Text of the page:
Microsoft co-founder Bill Gates and his foundation, the Bill & Melinda Gates Foundation, are the primary source of funding for the UK’s Medicine & Healthcare Products Regulatory Agency (MHRA), the health regulator that granted emergency authorization for vaccines developed by companies in which Gates has financial interests.
The MHRA also recently approved a new Covid vaccine backed by Gates’ funding called SKYCovion that is approved for people aged 18 and above. The foundation holds significant shares in Pfizer and BioNTech, two major pharmaceutical companies.
In June 2021, the MHRA extended the emergency authorization for Pfizer/BioNTech mRNA vaccines to be administered to children between the ages of 12 and 15 in the UK. The decision was based on the agency’s review of clinical trial data, which the Chief Executive, Dr. June Raine, claimed demonstrated the safety and effectiveness of the Pfizer vaccine in this age group, with the benefits outweighing any risks. However, critics argue that the statement contradicted the findings of a small-scale study that showed a high rate of adverse reactions among the children involved.
The Pfizer clinical trial included 1,127 children, but only 1,097 completed the trial, with 30 participants dropping out after receiving the first dose of the vaccine. The reasons for their withdrawal are not provided in the publicly available information from the FDA. Despite these concerns, the MHRA granted emergency authorization for the Pfizer/BioNTech vaccine’s use in children.
The fact that Bill Gates has financial interests in both Pfizer and BioNTech, along with being the primary funder of the MHRA, raises questions about a potential conflict of interest in the decision-making process. The Bill & Melinda Gates Foundation acquired shares in Pfizer in 2002 and increased their value by promoting Pfizer’s vaccines in the media in September 2020. During a CNBC interview, Gates expressed his confidence in the Pfizer vaccine, even though he lacks formal medical or scientific qualifications. Furthermore, the foundation purchased $55 million worth of shares in BioNTech shortly before the Covid-19 pandemic began in 2019.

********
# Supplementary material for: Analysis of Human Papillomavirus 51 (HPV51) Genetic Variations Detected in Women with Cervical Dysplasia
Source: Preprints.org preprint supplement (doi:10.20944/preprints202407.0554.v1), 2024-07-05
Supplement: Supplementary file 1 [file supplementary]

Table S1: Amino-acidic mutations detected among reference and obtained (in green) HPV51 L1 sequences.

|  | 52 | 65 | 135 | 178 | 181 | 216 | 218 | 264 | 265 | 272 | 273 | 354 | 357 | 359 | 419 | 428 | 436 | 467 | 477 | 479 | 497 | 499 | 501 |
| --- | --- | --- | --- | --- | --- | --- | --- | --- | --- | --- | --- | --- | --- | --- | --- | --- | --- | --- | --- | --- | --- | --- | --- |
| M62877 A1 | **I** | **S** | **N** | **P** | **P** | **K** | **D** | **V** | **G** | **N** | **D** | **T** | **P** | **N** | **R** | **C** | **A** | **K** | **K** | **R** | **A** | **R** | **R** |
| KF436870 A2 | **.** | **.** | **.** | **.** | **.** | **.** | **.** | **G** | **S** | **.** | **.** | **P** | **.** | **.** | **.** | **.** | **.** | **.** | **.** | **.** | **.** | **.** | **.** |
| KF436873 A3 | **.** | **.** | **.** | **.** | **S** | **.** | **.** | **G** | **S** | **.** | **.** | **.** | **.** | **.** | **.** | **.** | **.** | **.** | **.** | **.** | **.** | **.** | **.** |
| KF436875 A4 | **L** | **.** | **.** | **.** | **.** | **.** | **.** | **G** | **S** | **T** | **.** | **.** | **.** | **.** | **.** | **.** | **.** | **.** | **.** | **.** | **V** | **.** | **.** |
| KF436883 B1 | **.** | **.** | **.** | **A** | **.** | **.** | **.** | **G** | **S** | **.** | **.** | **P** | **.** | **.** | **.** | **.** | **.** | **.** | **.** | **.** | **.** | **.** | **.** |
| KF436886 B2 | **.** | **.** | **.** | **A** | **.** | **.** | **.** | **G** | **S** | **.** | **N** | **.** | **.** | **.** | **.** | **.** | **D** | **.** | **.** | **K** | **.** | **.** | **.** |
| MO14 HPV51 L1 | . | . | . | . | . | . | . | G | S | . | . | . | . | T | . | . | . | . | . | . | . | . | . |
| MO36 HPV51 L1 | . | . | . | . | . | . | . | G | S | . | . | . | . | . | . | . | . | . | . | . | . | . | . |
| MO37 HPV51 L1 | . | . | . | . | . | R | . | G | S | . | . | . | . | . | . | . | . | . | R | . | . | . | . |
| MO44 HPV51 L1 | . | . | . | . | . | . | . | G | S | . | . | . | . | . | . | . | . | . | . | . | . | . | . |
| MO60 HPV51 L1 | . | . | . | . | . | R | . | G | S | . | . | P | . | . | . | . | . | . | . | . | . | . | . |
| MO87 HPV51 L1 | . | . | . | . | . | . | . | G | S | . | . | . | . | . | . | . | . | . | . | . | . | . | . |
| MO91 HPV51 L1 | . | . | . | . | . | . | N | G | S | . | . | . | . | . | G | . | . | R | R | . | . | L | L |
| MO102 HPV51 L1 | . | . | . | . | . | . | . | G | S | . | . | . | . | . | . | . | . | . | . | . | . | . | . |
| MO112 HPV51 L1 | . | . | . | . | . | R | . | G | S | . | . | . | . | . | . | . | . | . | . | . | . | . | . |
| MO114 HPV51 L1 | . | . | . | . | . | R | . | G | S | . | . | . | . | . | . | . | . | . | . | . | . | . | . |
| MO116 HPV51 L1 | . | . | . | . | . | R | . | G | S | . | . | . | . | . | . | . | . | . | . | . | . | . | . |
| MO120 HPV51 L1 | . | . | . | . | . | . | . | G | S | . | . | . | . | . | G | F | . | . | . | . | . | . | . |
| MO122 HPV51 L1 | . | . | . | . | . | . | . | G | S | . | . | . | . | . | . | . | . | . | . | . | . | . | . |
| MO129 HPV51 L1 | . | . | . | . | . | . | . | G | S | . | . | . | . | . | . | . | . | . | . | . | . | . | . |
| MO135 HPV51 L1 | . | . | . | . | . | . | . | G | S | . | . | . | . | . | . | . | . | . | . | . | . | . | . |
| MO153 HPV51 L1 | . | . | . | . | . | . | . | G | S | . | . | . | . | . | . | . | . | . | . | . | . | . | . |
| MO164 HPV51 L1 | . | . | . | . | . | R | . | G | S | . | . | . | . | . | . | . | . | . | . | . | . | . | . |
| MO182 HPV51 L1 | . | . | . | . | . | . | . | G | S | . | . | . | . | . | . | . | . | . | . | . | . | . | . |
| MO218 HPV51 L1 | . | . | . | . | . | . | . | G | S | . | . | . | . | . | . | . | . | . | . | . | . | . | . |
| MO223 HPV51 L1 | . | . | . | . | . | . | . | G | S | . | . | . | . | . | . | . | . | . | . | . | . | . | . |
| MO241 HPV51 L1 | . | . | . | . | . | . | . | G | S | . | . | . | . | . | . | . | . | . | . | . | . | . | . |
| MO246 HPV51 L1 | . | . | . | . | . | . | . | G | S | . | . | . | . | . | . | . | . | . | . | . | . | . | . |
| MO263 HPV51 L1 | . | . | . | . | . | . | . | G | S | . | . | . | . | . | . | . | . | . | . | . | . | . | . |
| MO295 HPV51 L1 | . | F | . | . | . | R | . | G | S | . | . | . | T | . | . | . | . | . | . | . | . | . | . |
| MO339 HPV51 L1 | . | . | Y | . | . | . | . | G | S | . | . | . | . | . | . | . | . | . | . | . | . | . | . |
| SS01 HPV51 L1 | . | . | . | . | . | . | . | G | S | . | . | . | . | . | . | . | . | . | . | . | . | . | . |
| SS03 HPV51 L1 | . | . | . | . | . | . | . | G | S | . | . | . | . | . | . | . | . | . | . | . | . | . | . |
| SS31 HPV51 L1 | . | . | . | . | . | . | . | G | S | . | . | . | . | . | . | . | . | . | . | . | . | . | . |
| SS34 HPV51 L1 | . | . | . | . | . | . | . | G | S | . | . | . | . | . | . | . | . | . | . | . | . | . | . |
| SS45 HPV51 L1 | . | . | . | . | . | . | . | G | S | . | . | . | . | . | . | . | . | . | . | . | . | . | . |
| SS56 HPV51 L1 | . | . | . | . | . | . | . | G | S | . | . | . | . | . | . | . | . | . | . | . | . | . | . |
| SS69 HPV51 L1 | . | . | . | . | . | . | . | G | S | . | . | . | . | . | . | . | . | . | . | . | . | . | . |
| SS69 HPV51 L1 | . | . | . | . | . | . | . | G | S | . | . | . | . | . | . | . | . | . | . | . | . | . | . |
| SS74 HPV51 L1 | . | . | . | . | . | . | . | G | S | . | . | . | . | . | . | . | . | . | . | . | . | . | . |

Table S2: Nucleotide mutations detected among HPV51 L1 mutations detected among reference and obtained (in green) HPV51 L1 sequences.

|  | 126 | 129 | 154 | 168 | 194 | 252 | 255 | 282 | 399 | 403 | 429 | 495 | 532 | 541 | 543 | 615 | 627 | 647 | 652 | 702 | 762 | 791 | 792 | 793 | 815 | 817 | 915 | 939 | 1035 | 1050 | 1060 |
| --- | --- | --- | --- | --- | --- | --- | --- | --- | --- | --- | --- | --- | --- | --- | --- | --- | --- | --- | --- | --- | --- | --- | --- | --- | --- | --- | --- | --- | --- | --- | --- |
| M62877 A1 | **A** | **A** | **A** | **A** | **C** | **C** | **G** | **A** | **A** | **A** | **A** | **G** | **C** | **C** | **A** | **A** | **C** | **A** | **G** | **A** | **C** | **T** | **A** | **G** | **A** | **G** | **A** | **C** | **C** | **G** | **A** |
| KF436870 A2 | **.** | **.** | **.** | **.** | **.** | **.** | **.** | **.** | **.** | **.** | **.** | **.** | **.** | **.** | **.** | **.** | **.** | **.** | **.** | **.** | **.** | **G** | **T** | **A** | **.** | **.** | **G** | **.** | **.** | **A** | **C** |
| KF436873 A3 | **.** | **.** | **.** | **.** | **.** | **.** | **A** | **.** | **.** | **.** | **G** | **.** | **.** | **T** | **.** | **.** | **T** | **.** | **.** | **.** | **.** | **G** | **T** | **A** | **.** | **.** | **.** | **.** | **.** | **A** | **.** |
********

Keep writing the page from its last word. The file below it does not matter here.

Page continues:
In 2017, the Gates Foundation granted £980,000 ($1.28M) to the MHRA for collaboration purposes. In response to a Freedom of Information request, the MHRA disclosed in May 2021 that the Gates Foundation’s current level of grant funding amounts to $3 million, supporting various projects.
The MHRA also recently approved a new Covid vaccine backed by Gates’ funding that was developed in South Korea. The vaccine, named SKYCovion, combines a portion of the SARS-CoV-2 virus spike protein with GSK’s AS03 adjuvant technology in a self-assembled nanoparticle vaccine. It is important to note that the MHRA has highlighted several critical points regarding the vaccine’s use and limitations.
The duration of protection provided by SKYCovion is still being determined, as ongoing clinical trials continue to assess its efficacy. The vaccine’s effectiveness and safety have not been evaluated in immunocompromised individuals, including those undergoing immunosuppressant therapy. Furthermore, the vaccine’s impact on pregnant women and whether it is excreted in breast milk remain unknown.
Professor Norman Fenton, a renowned British scientist, has expressed concerns about the vaccine’s approval and is submitting a Freedom of Information request to MHRA Chief Executive June Raine to seek clarifications. Fenton believes the vaccine’s expedited approval warrants intense scrutiny.
The patient information leaflet highlights various potential side effects, and it emphasizes that two doses are required, with a 28-day interval between them. Following the second dose, a 15-minute observation period is recommended.
It is noteworthy that SKYCovion has not received approval from any other Western country thus far. However, the European Commission is reportedly considering its rollout across EU nations.
These findings raise concerns about potential conflicts of interest, as the primary funder of the MHRA and a shareholder in the vaccine-producing companies appears to have influenced the regulatory decision-making process.